Background/Aims: Peritoneal dialysis (PD) has gained interest over the last decade as a viable option for early start dialysis. It is still unknown if shorter break-in periods and less time for proper patient evaluation and training could influence technique survival in comparison to planned-start PD. Methods: A prospective and observational study that compared technique survival in a cohort of patients who started either early or planned PD. Early start PD was defined as break-in period from 3 to 14 days with no previous nephrologist follow-up or patient training. Results: A total of 154 patients were included (40 as early start PD), followed by a median time of 381 days. Comparing early vs. planned-start PD, groups were similar concerning age 56 (40; 70) vs. 48 (32; 63) years, p=0.071, body mass index (BMI) 23.3 ± 4.2 vs. 23.8 ± 4.0 kg/m2, p=0.567 and male gender (60 vs. 48%, p=0.201), respectively. Comparing early vs. planned-start groups, there were no differences regarding PD dropout for peritonitis (7.5 vs. 11.4%, p=0.764), catheter dysfunction (12.5 vs. 17.5%, p=0.619) and patient burnout (0 vs. 4.4%, p=0.328), respectively. Less patients in early start group quit PD for peritoneal membrane failure in comparison to planned-start group (2.5 vs. 16.7%, p=0.026). In multivariate cox-regression analysis, the only factors independently associated with technique failure were BMI> 25 kg/m² (p=0.033) and Diabetes Mellitus (p=0.013), whereas no differences regarding early vs. planned-PD start were observed (p=0.184). Conclusion: Despite the adverse scenario for initiating dialysis, early start PD had similar outcomes in comparison to planned-start PD in long-term follow-up.
Peritoneal dialysis (PD) is a well-established treatment for end-stage renal disease (ESRD). Even though such statement is widely accepted, it is only valid in a planned background, when patient is adequately followed-up by a multi-professional team, with proper training and, most importantly, with a reliable and timely insertion of peritoneal catheter .
The difficulties of combining all these factors might partially explain why hemodialysis (HD) through a central venous catheter (CVC) is considered the default renal replacement therapy in the context of urgent-start dialysis. Other contributing factors are the relative difficulty of obtaining a rapid insertion of a peritoneal catheter, concerns regarding possible complications associated with short break-in periods for starting PD and the relative ease of CVC insertions . However, starting unplanned HD using CVC is independently associated with bloodstream infection and mortality in incident dialysis patients [3, 4]. Yet, the risk of septicemia is similar for PD catheters and arteriovenous fistula .
In the last decade, many studies have provided enough evidence to support PD as a feasible therapy for urgent/early start dialysis. They have reported an overall low risk for mechanical complications or peritonitis [5-11]. However, most studies that compared planned vs. urgent/early start PD have focused on short-term outcome measures.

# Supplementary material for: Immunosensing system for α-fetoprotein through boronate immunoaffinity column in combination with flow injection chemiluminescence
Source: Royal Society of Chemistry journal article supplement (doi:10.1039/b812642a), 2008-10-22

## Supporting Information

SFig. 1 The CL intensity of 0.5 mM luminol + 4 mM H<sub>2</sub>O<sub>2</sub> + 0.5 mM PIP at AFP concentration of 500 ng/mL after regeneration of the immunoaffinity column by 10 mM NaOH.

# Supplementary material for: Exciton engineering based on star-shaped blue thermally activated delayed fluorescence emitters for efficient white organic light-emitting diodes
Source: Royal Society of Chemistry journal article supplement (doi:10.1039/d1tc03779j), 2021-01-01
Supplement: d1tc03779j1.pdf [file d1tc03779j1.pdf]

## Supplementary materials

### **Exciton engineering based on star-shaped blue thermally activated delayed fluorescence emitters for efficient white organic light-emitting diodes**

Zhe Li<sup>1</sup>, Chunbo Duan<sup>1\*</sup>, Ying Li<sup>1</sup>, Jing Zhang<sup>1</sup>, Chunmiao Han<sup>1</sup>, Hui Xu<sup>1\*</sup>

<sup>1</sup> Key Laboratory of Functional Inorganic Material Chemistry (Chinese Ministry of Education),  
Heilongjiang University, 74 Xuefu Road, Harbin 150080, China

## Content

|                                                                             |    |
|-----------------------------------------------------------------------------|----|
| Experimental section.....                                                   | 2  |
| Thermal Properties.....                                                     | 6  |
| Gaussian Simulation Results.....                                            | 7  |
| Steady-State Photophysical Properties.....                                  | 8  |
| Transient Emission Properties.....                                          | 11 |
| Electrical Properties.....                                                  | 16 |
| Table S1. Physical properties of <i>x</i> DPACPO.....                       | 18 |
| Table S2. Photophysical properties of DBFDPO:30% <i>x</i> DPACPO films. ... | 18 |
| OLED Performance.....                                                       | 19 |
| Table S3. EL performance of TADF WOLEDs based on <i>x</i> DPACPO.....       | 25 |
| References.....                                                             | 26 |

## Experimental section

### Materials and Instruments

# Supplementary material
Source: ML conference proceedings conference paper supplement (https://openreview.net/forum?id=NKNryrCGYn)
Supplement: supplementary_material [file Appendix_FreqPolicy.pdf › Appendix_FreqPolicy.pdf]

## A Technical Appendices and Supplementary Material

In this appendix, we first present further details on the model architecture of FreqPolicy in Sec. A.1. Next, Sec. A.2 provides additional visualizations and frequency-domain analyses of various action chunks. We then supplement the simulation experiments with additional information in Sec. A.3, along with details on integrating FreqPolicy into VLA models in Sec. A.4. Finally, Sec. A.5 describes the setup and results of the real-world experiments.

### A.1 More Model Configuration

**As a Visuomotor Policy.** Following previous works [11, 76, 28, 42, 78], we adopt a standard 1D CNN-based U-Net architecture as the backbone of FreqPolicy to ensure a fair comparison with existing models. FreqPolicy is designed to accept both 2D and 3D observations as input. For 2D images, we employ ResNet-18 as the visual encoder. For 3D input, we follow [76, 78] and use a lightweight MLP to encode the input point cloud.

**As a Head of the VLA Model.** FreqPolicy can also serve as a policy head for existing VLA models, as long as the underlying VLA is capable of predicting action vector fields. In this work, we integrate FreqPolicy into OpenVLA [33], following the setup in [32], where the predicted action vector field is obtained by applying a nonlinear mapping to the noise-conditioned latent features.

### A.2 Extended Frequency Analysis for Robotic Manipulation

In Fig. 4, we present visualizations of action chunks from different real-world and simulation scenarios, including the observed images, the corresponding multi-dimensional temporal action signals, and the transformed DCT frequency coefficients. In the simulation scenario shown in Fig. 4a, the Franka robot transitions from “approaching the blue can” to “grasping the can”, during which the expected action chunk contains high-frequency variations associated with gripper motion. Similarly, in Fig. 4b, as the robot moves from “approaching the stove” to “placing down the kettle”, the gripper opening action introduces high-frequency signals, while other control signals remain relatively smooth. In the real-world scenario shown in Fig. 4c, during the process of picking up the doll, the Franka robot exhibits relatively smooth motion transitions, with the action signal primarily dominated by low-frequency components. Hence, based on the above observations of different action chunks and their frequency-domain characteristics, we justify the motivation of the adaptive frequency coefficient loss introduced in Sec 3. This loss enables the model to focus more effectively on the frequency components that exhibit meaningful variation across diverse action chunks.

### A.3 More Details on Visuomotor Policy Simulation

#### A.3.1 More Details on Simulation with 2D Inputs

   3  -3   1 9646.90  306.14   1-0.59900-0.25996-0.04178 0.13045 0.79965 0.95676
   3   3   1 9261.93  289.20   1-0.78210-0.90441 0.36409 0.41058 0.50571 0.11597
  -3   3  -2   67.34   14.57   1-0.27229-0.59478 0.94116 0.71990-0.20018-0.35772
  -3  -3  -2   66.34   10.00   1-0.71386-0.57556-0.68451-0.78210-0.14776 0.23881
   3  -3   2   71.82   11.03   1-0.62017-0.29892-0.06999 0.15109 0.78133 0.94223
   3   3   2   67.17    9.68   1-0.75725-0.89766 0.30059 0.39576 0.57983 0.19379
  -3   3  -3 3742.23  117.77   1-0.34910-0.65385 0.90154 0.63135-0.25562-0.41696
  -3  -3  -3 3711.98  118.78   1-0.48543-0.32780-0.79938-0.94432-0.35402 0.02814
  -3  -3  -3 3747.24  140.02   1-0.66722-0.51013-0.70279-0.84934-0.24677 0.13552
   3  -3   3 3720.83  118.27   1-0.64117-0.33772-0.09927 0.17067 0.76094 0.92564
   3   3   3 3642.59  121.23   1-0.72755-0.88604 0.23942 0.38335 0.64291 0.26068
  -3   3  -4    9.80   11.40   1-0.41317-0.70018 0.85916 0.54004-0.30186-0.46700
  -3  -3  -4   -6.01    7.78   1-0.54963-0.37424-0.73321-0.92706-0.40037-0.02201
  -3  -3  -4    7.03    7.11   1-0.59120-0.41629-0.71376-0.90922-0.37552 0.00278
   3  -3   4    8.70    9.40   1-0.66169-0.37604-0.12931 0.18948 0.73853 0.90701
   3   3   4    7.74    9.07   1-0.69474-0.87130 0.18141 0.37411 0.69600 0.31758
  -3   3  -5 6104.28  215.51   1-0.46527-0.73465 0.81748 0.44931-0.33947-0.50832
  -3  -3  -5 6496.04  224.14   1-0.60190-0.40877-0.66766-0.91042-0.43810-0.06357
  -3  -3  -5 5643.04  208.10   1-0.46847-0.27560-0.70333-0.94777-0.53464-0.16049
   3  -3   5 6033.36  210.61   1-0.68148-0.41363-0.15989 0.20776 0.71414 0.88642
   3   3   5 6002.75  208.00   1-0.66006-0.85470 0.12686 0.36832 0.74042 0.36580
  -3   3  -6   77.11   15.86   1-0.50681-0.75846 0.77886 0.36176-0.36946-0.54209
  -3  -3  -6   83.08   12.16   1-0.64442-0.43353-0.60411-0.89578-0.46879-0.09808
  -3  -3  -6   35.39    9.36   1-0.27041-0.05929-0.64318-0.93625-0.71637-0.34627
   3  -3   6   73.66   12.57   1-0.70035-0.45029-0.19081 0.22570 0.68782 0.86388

Starting PD at the emergency environment is a stressful event, far from ideal conditions. Shorter training and break-in periods and possibly inaccurate clinical and social evaluation could lead to more technique failure or burnout at long-term. For this purpose, we conducted a study that aimed to evaluate technique survival in a cohort of patients that have started either early or planned-PD.
Materials and Methods
Statement of ethics
All patients gave written informed consent. This study was approved by local ethics committee (CAPpesq #45163715400000068).
Patients were divided into 2 groups: early start PD and planned-start PD. They were enrolled in this prospective and observational study from December 2010 to January 2018 at Hospital das Clínicas, University of São Paulo. Early start PD was defined as break-in period from 3 to 14 days after catheter insertion, with no previous nephrologist follow-up or patient/family training. Planned-start PD was defined as break-in period > 14 days after catheter placement, regardless of previous nephrologist follow-up.
The PD catheter used was a straight, double-cuffed Tenckhoff catheter, inserted either percutaneously by nephrologists (Seldinger technique) or videolaparoscopically by surgeons.
All patients were treated with lactate-buffered glucose dialysate. PD was performed either by HomechoiceTM automated cycler machine (Baxter Inc., Deerfield, USA) or PD-NIGHT Peritoneal Dialysis MachineTM (Fresenius Medical Care, Brazil). In early start group, dwell volume was 1000 mL during the first week and was gradually increased up to 2000 mL over the first month, whereas in planned-start PD dwell volume ranged from 1500 to 2000 ml.
The main outcome was technique survival comparing early start and planned-start PD patients. Technique failure was defined as transitioning from PD to HD due to the following causes: peritoneal membrane failure, peritonitis, catheter dysfunction and patient burnout.